Thimphu (Bhutan), Feb 8:
India can achieve the highest reduction in emission levels in Asia by 2050 by adopting agricultural practices that prevent the release of methane and nitrogen oxides into the atmosphere, a Japanese expert has said.
“The reduction ratios of Japan, China, India, South Asia excluding India, and Small Island States in Oceania will be one percent, 26 percent, 33 percent, 15 percent and 25 percent respectively, indicating that India will have the largest reduction in Asia,” Shuzo Nishioka told IANS on the sidelines of the just-concluded APN Second Science-Policy Dialogue, South Asia on ‘Global Climate Change: Reducing Risk and Increasing Resilience’ in the Bhutanese capital.
The meet was organised by the Asia-Pacific Network (APN) for Global Change Research in collaboration with the Bhutanese National Environment Commission..
“To achieve the target of cutting global GHG emissions in half by 2050, mitigation measures in Asia are expected to play an important role. Asia should seize leap-frogging opportunities for low-carbon transition and we have outlined ten actions that can be taken by countries in the region,” Nishioka, secretary general of Japan’s International Research Network for Low Carbon Societies (LCS-Net), added, referring to the directions in the ‘Realising Low Carbon Asia-Contribution of Ten Actions’ report.
The agriculture sector contributed 14.3 percent of global manmade greenhouse gas (GHG) emissions in 2004, Nishioka quoted the fourth assessment report of the Intergovernmental Panel on Climate Change (IPCC 2007) as saying.
The culprits in the agriculture sector are methane and nitrogen oxides.
For example, fields that are continuously flooded during the entire cultivation period emit more methane than fields that are not flooded all the time.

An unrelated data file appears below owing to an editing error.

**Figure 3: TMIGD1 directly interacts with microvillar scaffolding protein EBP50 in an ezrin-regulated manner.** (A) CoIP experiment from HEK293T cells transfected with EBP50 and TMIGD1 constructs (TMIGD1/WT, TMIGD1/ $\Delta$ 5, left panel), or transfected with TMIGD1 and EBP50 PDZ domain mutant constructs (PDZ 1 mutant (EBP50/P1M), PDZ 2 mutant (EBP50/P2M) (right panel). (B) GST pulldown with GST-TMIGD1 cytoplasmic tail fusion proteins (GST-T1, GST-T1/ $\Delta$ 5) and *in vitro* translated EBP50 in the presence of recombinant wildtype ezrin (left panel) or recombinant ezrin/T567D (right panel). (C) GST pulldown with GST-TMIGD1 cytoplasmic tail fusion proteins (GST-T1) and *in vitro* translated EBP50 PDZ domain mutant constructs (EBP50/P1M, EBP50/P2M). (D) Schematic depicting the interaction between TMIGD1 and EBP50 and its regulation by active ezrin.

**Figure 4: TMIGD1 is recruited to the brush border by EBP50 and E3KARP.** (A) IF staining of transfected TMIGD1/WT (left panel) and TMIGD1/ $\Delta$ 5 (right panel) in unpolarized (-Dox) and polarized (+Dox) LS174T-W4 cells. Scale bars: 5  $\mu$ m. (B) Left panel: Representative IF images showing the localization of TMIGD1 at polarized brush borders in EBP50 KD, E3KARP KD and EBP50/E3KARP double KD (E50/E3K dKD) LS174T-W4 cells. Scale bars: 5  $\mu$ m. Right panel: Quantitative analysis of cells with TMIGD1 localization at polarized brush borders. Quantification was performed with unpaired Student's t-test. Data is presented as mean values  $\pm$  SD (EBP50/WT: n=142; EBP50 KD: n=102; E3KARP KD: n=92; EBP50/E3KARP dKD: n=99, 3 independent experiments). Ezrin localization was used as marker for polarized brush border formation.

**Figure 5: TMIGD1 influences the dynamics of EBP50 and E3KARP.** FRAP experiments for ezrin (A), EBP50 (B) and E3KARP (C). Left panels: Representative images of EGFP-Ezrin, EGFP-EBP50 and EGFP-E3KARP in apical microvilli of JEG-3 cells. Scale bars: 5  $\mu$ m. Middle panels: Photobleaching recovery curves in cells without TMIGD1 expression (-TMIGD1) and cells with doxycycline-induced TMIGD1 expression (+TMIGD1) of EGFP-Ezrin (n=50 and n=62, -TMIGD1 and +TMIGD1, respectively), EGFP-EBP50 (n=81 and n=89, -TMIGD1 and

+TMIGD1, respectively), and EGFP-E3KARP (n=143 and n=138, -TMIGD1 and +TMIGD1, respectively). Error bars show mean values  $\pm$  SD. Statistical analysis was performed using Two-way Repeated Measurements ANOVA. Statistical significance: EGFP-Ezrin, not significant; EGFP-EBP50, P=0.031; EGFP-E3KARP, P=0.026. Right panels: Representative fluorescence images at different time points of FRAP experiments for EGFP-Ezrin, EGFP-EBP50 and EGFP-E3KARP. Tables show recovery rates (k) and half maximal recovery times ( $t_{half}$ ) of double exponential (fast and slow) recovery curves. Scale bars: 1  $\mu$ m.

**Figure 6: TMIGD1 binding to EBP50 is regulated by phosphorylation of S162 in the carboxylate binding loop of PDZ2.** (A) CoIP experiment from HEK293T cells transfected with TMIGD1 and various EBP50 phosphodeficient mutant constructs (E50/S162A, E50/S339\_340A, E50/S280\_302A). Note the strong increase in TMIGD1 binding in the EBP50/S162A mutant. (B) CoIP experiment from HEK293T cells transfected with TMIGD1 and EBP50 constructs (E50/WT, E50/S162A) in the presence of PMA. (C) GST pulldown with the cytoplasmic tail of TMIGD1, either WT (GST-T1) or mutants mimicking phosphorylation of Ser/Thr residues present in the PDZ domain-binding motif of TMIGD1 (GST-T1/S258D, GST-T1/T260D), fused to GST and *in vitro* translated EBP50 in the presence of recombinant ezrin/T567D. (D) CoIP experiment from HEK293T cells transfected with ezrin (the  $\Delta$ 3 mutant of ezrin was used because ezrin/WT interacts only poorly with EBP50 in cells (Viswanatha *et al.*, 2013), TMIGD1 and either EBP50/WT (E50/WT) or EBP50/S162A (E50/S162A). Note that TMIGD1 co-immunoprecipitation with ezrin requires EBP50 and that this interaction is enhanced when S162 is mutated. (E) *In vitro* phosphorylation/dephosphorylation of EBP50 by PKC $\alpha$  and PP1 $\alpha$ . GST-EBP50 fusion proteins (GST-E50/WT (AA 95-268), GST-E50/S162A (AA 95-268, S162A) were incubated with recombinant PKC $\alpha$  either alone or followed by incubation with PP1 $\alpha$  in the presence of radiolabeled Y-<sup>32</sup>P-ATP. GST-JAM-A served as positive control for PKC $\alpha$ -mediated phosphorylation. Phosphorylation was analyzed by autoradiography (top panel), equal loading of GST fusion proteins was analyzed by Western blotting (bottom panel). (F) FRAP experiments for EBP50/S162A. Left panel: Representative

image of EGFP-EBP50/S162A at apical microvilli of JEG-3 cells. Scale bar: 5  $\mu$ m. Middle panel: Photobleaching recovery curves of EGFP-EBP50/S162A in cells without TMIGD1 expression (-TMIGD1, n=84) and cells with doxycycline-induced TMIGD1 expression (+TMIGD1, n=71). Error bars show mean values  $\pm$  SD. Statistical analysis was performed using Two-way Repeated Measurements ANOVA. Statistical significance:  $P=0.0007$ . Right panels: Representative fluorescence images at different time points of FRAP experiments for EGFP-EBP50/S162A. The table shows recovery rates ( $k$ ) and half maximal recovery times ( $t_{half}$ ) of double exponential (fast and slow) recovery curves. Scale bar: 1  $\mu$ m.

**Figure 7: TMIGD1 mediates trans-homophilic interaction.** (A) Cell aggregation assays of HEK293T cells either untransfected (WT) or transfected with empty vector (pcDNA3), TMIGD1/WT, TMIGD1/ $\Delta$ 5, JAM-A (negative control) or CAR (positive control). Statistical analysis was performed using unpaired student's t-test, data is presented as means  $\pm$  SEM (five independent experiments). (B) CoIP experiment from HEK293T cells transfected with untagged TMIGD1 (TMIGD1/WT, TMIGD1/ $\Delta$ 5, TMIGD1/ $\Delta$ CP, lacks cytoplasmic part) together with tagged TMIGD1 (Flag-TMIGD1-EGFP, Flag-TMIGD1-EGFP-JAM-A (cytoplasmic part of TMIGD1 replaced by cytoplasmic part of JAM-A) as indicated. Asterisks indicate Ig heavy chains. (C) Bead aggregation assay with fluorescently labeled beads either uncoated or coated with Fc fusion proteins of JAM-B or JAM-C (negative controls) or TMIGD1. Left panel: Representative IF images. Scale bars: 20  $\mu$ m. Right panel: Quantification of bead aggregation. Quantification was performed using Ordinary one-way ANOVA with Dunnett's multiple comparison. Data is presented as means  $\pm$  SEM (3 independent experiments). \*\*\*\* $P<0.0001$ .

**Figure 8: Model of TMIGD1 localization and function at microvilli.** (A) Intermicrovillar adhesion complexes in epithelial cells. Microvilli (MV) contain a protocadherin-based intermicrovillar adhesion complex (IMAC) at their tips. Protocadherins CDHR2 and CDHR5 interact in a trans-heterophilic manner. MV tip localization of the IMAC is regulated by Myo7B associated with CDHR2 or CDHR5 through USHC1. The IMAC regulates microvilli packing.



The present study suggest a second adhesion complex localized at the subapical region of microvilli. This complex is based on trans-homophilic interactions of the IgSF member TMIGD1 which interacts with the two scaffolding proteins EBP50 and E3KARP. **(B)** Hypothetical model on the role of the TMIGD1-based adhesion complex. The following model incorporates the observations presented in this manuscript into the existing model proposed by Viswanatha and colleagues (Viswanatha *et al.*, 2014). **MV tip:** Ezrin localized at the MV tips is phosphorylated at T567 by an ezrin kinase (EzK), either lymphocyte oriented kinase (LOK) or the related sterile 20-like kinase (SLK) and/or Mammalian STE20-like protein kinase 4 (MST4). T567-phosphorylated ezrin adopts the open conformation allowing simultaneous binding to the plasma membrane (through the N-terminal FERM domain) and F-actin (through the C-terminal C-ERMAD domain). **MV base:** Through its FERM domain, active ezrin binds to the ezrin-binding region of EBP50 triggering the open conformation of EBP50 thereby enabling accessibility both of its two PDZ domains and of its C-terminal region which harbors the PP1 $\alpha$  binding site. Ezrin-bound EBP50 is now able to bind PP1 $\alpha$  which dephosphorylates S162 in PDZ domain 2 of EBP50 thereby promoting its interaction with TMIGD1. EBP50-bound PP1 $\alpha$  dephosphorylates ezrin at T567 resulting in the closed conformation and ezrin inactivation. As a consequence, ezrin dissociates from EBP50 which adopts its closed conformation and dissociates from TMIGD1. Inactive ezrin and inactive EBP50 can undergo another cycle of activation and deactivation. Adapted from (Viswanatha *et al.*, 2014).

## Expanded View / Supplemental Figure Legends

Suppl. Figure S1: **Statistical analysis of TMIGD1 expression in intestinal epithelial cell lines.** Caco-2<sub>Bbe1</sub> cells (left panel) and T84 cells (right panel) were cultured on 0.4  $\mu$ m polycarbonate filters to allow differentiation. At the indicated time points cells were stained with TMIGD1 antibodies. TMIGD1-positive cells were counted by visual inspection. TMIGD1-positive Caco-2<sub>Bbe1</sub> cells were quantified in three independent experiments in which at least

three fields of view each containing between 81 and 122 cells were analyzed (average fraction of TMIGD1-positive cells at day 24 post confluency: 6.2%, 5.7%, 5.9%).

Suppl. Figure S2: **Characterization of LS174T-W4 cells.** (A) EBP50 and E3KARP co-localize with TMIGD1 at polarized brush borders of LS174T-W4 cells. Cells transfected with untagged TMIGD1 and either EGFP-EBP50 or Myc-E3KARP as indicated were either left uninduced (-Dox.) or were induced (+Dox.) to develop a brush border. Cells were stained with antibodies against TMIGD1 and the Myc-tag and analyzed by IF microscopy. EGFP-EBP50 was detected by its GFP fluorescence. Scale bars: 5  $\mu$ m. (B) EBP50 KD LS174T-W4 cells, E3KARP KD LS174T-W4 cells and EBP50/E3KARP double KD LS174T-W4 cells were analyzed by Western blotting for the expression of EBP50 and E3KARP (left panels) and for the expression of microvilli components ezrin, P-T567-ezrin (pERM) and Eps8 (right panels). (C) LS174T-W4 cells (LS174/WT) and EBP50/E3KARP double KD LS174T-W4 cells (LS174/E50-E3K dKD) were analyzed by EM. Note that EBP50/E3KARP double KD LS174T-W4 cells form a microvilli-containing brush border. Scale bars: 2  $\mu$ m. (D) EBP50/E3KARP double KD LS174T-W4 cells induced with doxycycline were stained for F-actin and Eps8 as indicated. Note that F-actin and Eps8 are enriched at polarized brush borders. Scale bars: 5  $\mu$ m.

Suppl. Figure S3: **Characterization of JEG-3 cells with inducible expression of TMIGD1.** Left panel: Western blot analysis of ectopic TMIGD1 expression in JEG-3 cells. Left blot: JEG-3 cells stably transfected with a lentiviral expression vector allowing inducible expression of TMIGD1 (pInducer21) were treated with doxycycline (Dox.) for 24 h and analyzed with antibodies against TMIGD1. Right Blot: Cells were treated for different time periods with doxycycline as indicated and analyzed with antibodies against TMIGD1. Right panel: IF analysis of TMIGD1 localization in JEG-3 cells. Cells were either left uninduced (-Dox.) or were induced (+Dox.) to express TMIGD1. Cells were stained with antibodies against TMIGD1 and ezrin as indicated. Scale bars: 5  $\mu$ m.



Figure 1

Nishioka said solutions like low carbon water management in rice paddies (mid-season drainage), highly efficient fertilizer application (split fertilization et al) and residue management are some of the components suggested in the report.
Additionally, he said, the methane gas emitted from manure should be actively utilized as an energy source.
Citing the IPCC study, Nishioka said with the introduction of low emission agricultural technology, GHG reductions will be achieved after 2020.
The level of emissions in 2050 will be reduced to 2.3 GtCO2e (gigatons of carbon dioxide equivalent) which is 91 percent of the level in 2005.
Carbon dioxide equivalent is an indicator of how much global warming a given type and amount of greenhouse gas may cause using carbon dioxide as a reference.
In 2005, GHG emissions from Asia accounted for approximately 38 percent of global emissions and this is projected to double in 2050 if efforts are not made towards achieving Low Carbon Societies, Nishioka said.
Showing the Asian way ahead to the global dilemma, Nishioka said progressing to LCSs means reducing emissions globally and Asia will play an important role in the process.
In fact, the contribution of the agriculture sector to the overall reduction of GHG emissions in Asia will be 10 percent.
“If we look region-wise in Asia, reduction in the agriculture sector will contribute 19 percent of the total reduction in India, making it the action with the third-highest contribution in that country, the highest being reduction in energy systems, followed by resources and materials,” Nishioka said.
Underlining the fact that Asia is ready to make its due contribution to global climate stabilisation, Joyashree Roy, coordinator of the Global Change Programme at Kolkata’s Jadavpur University and a participant at the dialogue, said developing countries need to opt for low carbon growth route rightaway to avoid long-term cost burdens.
“Unlike developed countries, the challenge for South Asia is not to make the hard choice of reversing the high carbon growth path to low carbon growth path but it is the matter of easier choice for new low carbon growth path now, to avoid any long-term cost burden,” Roy, a contributor to the 2007 Nobel Peace Prize winning IPCC, told IANS. (IANS)